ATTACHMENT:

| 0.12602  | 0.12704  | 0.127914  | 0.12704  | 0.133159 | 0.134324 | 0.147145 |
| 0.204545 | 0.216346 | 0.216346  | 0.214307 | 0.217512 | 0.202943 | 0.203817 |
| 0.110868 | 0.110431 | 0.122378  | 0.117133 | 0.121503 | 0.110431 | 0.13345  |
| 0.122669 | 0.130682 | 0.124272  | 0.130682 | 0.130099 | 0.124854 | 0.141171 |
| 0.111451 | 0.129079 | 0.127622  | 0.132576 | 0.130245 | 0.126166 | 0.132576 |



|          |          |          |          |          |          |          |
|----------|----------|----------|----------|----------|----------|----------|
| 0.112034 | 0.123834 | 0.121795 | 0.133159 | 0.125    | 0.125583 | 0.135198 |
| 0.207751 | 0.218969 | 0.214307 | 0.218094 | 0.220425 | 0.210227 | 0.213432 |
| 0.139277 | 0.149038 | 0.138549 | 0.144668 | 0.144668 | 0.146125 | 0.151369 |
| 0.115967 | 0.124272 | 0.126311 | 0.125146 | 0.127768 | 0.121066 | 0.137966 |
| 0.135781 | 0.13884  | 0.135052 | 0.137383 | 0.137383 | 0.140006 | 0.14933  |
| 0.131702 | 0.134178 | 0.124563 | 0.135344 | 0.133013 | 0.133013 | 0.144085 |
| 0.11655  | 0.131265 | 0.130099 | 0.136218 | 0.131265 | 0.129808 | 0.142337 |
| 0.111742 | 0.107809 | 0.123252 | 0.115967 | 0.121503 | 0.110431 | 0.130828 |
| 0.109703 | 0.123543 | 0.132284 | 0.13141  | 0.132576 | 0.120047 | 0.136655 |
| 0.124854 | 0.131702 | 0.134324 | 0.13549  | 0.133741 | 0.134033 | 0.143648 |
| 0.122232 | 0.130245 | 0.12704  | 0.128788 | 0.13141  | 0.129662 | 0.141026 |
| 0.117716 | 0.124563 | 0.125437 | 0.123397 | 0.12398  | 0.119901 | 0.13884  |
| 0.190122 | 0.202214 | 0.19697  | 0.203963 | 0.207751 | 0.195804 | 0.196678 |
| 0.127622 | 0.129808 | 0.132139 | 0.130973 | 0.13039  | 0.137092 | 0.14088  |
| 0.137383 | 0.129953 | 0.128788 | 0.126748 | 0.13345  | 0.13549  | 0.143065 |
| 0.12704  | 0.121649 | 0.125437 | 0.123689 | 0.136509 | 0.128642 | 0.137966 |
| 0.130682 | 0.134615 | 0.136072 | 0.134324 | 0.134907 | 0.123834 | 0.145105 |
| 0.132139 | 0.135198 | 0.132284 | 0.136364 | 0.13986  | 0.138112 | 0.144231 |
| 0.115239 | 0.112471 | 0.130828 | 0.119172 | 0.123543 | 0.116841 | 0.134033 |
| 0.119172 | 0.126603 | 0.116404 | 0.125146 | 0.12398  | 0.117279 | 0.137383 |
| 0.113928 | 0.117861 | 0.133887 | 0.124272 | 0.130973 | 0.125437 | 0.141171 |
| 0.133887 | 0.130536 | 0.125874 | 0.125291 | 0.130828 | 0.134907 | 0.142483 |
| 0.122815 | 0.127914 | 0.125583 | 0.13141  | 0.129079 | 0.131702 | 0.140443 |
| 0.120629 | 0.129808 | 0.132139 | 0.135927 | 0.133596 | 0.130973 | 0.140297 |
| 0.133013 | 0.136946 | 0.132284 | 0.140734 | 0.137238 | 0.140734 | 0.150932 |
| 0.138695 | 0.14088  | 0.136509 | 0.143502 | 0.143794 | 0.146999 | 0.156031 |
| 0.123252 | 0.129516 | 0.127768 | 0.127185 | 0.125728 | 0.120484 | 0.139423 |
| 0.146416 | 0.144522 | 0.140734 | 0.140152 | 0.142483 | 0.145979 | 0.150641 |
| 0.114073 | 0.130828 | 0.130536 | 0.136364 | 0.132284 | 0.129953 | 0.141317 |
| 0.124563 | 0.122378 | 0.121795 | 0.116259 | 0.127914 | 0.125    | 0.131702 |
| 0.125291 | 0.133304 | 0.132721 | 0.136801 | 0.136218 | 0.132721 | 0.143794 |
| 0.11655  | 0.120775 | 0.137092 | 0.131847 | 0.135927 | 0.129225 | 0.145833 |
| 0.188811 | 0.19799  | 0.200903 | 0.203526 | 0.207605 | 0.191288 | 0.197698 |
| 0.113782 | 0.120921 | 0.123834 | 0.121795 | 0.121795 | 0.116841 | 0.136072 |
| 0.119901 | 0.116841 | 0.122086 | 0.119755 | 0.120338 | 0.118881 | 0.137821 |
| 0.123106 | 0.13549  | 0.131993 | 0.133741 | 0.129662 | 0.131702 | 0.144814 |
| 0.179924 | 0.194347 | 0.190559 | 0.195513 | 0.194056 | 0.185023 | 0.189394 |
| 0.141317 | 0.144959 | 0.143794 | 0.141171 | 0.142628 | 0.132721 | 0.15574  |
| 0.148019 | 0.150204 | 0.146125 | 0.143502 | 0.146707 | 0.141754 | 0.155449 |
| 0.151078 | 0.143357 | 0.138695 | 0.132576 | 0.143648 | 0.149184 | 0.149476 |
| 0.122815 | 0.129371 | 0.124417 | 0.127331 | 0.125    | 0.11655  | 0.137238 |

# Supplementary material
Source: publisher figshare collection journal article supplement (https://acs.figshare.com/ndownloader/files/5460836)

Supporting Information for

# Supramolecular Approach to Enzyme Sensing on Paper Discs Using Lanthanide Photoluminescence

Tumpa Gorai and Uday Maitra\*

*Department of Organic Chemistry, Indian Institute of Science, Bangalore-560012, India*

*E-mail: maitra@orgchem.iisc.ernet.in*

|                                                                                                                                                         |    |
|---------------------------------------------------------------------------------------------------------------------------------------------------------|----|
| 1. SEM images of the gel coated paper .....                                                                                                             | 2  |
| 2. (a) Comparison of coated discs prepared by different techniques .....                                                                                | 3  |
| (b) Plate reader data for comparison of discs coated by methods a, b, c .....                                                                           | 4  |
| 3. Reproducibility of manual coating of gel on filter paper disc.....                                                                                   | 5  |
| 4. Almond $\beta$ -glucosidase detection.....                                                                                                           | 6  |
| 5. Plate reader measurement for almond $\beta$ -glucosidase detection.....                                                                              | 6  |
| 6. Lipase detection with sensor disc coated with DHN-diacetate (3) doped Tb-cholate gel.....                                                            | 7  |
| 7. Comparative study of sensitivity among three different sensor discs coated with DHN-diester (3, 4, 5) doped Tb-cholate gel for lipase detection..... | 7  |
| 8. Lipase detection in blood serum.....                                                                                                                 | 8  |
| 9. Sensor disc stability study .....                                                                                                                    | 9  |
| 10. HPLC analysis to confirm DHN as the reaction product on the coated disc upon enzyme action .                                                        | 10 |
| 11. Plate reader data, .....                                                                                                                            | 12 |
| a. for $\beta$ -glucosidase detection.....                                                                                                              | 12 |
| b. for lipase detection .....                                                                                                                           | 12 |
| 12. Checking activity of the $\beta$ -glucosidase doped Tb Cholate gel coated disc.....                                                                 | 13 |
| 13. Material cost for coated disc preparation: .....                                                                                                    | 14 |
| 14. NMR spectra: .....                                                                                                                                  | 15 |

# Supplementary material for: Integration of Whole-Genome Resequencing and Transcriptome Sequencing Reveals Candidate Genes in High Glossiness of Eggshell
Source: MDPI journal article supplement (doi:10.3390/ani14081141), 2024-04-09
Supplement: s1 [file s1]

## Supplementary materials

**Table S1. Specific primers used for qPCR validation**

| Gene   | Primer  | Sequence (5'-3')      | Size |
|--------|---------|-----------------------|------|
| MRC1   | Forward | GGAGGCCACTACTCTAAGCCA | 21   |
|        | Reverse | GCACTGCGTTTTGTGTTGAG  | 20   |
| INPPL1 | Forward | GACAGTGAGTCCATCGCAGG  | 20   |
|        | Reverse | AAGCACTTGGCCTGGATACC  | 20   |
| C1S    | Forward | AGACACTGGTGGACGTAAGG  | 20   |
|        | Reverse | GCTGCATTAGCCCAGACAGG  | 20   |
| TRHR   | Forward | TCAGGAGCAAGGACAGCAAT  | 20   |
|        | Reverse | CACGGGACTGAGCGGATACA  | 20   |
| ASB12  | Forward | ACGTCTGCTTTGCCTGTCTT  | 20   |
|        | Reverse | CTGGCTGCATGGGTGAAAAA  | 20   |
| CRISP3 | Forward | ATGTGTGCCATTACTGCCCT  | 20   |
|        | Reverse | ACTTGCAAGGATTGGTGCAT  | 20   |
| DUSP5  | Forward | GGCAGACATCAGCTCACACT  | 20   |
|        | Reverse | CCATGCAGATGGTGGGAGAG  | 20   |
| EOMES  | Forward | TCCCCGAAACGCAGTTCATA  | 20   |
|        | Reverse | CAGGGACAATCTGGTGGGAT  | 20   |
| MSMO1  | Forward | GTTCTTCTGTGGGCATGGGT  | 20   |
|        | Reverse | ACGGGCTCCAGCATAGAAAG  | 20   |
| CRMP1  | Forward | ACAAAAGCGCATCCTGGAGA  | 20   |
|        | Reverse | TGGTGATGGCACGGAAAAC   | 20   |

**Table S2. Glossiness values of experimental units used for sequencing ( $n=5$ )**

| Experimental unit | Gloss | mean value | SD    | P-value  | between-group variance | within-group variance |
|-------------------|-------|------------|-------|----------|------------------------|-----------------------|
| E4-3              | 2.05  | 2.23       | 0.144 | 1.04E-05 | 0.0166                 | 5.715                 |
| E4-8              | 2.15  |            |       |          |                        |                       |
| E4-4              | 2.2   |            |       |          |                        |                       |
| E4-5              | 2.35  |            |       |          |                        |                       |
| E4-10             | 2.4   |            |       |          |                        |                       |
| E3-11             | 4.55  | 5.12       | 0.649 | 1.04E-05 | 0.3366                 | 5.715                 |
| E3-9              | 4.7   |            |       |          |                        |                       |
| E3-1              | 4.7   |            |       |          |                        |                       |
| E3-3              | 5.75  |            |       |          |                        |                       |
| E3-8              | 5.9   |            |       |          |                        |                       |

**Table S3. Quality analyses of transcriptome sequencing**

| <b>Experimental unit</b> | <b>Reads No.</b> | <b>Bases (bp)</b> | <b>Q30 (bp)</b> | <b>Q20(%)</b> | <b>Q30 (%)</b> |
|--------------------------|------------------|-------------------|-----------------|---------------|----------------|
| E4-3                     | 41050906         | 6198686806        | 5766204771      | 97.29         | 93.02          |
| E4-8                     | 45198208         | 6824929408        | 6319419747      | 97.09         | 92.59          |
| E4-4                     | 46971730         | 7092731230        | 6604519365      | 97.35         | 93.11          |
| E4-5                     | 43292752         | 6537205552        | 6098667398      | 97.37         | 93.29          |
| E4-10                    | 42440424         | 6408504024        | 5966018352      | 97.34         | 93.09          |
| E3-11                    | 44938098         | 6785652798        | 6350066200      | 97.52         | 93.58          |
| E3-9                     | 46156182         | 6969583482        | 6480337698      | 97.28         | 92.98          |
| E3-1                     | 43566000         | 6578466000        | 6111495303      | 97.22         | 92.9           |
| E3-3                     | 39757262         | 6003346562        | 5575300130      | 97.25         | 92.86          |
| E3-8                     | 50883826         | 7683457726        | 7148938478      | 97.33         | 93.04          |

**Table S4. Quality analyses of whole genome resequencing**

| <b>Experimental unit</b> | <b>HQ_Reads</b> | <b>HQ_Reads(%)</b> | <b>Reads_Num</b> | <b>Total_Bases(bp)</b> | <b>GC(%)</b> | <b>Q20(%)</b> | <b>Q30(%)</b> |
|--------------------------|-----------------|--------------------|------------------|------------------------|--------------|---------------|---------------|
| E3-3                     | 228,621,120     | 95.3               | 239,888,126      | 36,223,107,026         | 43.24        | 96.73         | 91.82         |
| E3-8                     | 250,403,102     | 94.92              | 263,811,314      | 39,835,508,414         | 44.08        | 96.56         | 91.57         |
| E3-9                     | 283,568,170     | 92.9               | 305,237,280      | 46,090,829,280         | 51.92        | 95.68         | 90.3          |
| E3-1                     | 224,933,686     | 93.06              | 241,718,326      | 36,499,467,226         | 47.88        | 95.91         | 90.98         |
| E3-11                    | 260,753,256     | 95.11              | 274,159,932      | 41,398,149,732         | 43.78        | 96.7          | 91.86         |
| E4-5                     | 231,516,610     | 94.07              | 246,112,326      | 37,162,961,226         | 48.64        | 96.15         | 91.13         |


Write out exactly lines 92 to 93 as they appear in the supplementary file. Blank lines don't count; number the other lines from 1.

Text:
| CRISP3 | Forward | ATGTGTGCCATTACTGCCCT  | 20   |
|        | Reverse | ACTTGCAAGGATTGGTGCAT  | 20   |